Guest Columnist

Medicare plan would hurt Iowa seniors

Chief Executive Officers of pharmaceutical companies testify before the Senate Finance Committee on
Chief Executive Officers of pharmaceutical companies testify before the Senate Finance Committee on "Drug Pricing in America: A Prescription for Change, Part II" Feb. 26, 2019 in Washington, DC. From left to right are Richard A. Gonzalez, chairman and CEO of AbbVie Inc; Pascal Soriot, executive director and CEO of AstraZeneca; Giovanni Caforio, chairman of the board and CEO of Bristol-Myers Squibb Co.; Jennifer Taubert, executive vice president and worldwide chairman of Janssen Pharmaceuticals, Johnson. (Win McNamee/Getty Images North America/TNS)

Sen. Chuck Grassley has always looked out for Iowa’s seniors. Throughout his career, the senator has championed measures to strengthen Medicare and Social Security and worked to make lifesaving medicines more affordable.

It’s time for Sen. Grassley to speak up for Iowa’s seniors once again.

The Trump administration is poised to issue a draft rule that would impose price controls on advanced medicines covered by Medicare. As we’ve seen time and time again, price controls prevent patients from accessing the newest treatments for cancer and a host of other debilitating diseases.

Let’s hope Sen. Grassley uses his clout as chairman of the powerful Senate Finance Committee to fight this shortsighted reform.

The rule, to be issued by the Department of Health and Human Services, targets Medicare Part B, which covers highly potent medicines administered in physician’s offices and hospitals. Close to half a million Iowans depend on Part B.

Medicare Part B is currently a “buy-and-bill” system. Physicians purchase drugs, administer them to patients, and then bill Medicare. The government reimburses these physicians based on the average sales price of those drugs.

HHS officials think this model costs the government too much money. In 2016, Part B drug expenditures totaled over $29 billion. Spending is high, in part, because the United States pays approximately 80 percent more for drugs covered by Part B than countries like Canada, France, Sweden, and the United Kingdom.

Drugs are cheaper abroad because most developed countries impose price controls on pharmaceuticals. For instance, France’s Health Products Pricing Committee dictates the prices of brand-name medications. The United Kingdom’s National Institute for Health and Care Excellence effectively caps prices too.

If manufacturers refuse to accept the price caps set, governments simply refuse to cover the drug for patients — regardless of how sick they are.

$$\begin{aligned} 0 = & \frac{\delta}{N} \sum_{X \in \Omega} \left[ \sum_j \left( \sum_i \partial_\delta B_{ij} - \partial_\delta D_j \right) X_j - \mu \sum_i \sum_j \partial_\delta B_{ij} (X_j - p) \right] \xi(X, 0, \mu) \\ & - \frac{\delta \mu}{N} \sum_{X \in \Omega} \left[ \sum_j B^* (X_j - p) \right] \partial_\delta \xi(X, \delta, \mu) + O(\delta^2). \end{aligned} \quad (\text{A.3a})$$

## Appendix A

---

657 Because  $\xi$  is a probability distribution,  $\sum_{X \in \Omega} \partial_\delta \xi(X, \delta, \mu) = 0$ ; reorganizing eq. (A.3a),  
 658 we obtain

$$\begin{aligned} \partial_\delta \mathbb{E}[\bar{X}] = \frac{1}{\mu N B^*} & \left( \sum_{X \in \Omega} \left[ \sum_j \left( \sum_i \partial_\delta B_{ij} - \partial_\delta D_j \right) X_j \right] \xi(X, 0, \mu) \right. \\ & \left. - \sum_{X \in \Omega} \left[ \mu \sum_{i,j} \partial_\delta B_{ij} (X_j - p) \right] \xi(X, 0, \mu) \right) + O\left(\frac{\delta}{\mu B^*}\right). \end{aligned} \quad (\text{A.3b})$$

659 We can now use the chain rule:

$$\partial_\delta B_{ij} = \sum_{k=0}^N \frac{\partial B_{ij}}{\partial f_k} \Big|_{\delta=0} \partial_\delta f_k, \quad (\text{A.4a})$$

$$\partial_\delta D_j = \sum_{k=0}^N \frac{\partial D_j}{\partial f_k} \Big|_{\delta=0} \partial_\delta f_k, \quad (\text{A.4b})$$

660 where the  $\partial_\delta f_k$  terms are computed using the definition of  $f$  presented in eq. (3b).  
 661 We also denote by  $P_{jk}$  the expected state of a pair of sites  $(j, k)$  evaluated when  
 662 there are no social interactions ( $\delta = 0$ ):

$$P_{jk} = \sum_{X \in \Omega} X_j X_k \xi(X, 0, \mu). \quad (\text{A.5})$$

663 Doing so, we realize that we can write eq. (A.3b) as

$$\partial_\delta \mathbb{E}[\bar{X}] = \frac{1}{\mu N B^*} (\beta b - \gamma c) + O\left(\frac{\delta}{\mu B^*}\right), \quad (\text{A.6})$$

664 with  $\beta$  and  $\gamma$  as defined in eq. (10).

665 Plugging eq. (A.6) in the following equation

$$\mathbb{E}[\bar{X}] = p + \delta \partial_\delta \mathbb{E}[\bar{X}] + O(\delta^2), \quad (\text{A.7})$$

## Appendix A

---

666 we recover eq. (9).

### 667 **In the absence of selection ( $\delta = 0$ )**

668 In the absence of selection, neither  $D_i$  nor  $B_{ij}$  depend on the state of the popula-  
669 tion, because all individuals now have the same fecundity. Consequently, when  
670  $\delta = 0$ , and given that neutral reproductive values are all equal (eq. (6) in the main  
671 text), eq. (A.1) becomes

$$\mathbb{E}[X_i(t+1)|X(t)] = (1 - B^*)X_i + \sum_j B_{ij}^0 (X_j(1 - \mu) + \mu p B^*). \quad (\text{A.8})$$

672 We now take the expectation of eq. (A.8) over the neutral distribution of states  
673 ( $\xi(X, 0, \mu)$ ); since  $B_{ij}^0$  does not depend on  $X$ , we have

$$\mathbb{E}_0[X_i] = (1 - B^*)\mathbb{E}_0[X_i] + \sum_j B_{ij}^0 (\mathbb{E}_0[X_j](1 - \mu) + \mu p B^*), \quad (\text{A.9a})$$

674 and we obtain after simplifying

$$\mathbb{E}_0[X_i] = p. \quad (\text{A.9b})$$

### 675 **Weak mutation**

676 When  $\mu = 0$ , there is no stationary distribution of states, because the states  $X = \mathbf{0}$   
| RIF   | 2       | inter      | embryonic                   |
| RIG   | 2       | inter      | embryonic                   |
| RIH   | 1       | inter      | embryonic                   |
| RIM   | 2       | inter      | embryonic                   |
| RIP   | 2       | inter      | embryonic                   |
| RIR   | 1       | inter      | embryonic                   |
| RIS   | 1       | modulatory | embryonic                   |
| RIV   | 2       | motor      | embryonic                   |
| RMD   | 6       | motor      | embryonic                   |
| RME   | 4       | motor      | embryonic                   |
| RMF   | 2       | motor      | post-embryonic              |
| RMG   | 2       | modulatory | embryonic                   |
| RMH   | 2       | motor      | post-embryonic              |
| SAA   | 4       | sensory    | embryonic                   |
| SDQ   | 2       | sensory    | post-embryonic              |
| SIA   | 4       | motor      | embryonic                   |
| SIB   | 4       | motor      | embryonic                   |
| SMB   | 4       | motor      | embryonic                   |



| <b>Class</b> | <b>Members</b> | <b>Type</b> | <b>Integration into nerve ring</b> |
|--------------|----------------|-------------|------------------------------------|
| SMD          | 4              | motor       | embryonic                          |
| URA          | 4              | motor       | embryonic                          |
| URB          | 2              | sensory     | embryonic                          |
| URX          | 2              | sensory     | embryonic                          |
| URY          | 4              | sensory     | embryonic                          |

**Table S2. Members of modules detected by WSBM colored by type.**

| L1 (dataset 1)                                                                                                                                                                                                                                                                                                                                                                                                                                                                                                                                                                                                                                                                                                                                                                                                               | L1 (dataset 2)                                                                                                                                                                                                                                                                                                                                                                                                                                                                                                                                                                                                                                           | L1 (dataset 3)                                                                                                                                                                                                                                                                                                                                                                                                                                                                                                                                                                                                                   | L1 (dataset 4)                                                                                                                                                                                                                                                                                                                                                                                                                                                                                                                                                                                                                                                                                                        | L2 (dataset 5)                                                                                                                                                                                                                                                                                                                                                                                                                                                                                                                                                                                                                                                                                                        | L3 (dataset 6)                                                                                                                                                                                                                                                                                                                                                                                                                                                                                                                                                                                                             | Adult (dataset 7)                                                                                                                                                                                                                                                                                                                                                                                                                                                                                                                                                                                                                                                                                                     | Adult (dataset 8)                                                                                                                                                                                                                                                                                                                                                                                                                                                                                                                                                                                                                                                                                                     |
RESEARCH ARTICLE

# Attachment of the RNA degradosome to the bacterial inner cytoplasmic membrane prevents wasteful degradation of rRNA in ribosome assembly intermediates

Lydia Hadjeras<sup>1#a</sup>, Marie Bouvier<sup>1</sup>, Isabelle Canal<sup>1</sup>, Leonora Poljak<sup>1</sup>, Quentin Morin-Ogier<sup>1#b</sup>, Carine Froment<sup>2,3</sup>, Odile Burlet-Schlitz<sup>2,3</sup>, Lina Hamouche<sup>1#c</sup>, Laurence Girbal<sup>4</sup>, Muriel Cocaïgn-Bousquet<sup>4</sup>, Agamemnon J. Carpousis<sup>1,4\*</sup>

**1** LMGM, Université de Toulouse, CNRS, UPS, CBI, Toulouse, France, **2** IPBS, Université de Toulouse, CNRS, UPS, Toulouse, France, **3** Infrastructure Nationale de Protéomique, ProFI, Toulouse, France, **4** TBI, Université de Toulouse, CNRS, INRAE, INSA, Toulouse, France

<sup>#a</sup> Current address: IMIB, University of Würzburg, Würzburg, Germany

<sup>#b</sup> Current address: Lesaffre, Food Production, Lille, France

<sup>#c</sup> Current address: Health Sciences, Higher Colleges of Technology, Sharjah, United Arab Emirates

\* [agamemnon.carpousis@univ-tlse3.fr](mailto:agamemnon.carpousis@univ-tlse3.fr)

In an attempt to rectify this disparity, HHS wants to tie Part B reimbursements to the average prices paid in 14 other countries, most of which implement price controls. By indexing Medicare payments to foreign price controls, this reform would effectively import those controls — and all the problems they cause — to America.

Patients in countries with price controls struggle to access the latest medicines. Swedes waited seven months, on average, to gain access to new drugs released between 2011 and 2017. In France, Canada, and Italy, patients were kept waiting well over a year.

Meanwhile, Americans had access to 90 percent of these breakthrough treatments immediately upon their release. That’s because drug companies are eager to launch their products in our free market.

HHS’ new proposal would flip the script on American patients. If the United States began imposing price controls, manufacturers would have no incentive to rush their drugs to American shelves.

In addition to reducing access to groundbreaking medicines, price controls would prevent researchers from inventing new state-of-the-art therapies. Drug development is a risky and expensive endeavor. Bringing just one new medicine to market costs almost $3 billion and takes over a decade. Fewer than one in eight experimental drugs that enter clinical trials exit the testing process with an FDA stamp of approval.

Price controls would make it nearly impossible for companies to recoup their investments. That would eliminate the economic incentive to invest in future research projects.

Using price controls to lower drug prices is as silly as a farmer eating his seed corn — it may feed him in the short term, but ultimately, he has no more crops. Similarly, controlling drug prices may temporarily lower costs for current patients, but people could die unnecessarily in the future because the next generation of cures may never be developed.

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Iowa’s seniors can’t afford for innovation to dry up. More than 57 percent of Iowans have at least one chronic disease, while a quarter have two or more. Over the next decade and a half, medical advances are projected to save almost 190,000 Iowan lives.

HHS’ proposal puts these breakthroughs — and these patients — at risk. Sen. Grassley has stood up for Iowa’s most vulnerable patients for many years. He can pull through for them once again by doing everything in his power to stop this dangerous reform.

• Don Racheter is a retired political scientist and former president of the Iowa Association of Political Scientists.

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